The number of drivers involved in fatal crashes in Colorado who tested positive for marijuana has risen sharply each year since 2013, more than doubling in that time, federal and state data show. A Denver Post analysis of the data and coroner reports provides the most comprehensive look yet into whether roads in the state have become more dangerous since the drug’s legalization.
Increasingly potent levels of marijuana were found in positive-testing drivers who died in crashes in Front Range counties, according to coroner data since 2013 compiled by The Denver Post. Nearly a dozen in 2016 had levels five times the amount allowed by law, and one was at 22 times the limit. Levels were not as elevated in earlier years.
Last year, all of the drivers who survived and tested positive for marijuana use had the drug at levels that indicated use within a few hours of being tested, according to the Colorado Department of Transportation, which compiles information for the National Highway tTraffic Safety Administration’s Fatality Analysis Reporting System.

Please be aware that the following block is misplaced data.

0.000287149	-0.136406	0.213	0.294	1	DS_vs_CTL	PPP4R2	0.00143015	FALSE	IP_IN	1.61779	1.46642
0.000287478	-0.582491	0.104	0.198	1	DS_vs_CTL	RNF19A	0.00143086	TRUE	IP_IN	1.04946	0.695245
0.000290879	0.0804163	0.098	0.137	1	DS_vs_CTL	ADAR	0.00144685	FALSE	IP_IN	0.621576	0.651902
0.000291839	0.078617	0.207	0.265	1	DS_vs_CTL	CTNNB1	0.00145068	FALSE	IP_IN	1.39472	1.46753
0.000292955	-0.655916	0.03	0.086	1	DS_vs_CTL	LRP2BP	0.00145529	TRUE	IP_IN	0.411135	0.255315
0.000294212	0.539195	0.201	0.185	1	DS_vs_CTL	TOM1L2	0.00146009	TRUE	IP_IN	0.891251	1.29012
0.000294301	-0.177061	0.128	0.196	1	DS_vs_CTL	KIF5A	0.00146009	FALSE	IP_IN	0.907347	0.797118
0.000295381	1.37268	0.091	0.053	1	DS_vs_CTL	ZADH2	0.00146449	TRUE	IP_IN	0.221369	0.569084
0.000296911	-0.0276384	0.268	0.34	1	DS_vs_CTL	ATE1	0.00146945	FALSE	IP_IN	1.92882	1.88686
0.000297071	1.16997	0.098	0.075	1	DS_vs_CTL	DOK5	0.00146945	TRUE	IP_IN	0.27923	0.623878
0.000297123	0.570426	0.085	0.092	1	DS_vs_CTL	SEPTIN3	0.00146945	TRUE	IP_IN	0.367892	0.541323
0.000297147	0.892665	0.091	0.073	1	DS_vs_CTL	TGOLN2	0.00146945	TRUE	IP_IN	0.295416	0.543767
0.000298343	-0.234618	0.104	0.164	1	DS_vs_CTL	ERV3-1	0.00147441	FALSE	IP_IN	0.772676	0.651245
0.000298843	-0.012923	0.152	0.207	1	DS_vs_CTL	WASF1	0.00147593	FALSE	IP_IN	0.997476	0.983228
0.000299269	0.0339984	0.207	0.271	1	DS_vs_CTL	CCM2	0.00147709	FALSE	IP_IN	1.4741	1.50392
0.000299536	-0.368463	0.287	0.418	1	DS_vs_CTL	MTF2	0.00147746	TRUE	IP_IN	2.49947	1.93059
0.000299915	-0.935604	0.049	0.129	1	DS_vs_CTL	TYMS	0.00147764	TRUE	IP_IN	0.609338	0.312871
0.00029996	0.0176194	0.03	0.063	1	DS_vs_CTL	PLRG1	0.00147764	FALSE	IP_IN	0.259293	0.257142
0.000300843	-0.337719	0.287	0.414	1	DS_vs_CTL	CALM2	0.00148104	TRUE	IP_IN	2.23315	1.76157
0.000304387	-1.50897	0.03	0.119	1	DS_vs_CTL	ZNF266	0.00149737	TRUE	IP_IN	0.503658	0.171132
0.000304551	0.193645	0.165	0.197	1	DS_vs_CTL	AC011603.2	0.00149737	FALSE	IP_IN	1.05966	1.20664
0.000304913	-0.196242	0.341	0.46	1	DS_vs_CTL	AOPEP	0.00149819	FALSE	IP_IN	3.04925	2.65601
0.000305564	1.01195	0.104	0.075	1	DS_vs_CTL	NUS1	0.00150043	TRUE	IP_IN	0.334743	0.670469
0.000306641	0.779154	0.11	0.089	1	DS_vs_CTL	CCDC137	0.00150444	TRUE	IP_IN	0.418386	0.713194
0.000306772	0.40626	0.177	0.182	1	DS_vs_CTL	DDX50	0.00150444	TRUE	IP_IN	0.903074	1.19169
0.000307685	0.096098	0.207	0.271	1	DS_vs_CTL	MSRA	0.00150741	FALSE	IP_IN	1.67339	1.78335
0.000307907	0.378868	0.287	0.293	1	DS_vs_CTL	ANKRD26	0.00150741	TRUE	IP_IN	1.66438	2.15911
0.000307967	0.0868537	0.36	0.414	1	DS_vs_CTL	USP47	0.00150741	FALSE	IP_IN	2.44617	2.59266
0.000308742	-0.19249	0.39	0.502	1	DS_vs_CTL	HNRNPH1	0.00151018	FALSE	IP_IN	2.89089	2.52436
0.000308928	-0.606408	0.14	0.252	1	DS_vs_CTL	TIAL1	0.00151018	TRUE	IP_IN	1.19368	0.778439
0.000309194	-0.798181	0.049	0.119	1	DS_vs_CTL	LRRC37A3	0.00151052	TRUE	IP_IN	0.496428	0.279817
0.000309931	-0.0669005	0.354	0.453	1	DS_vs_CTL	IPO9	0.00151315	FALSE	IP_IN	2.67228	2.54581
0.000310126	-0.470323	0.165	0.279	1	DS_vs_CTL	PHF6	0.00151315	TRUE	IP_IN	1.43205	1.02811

The trends coincide with the legalization of recreational marijuana in Colorado that began with adult use in late 2012, followed by sales in 2014. Colorado transportation and public safety officials, however, say the rising number of pot-related traffic fatalities cannot be definitively linked to legalized marijuana.
Positive test results reflected in the NHTSA data do not indicate whether a driver was high at the time of the crash since traces of marijuana use from weeks earlier also can appear as a positive result.
But police, victims’ families and safety advocates say the numbers of drivers testing positive for marijuana use — which have grown at a quicker rate than the increase in pot usage in Colorado since 2013 — are rising too quickly to ignore and highlight the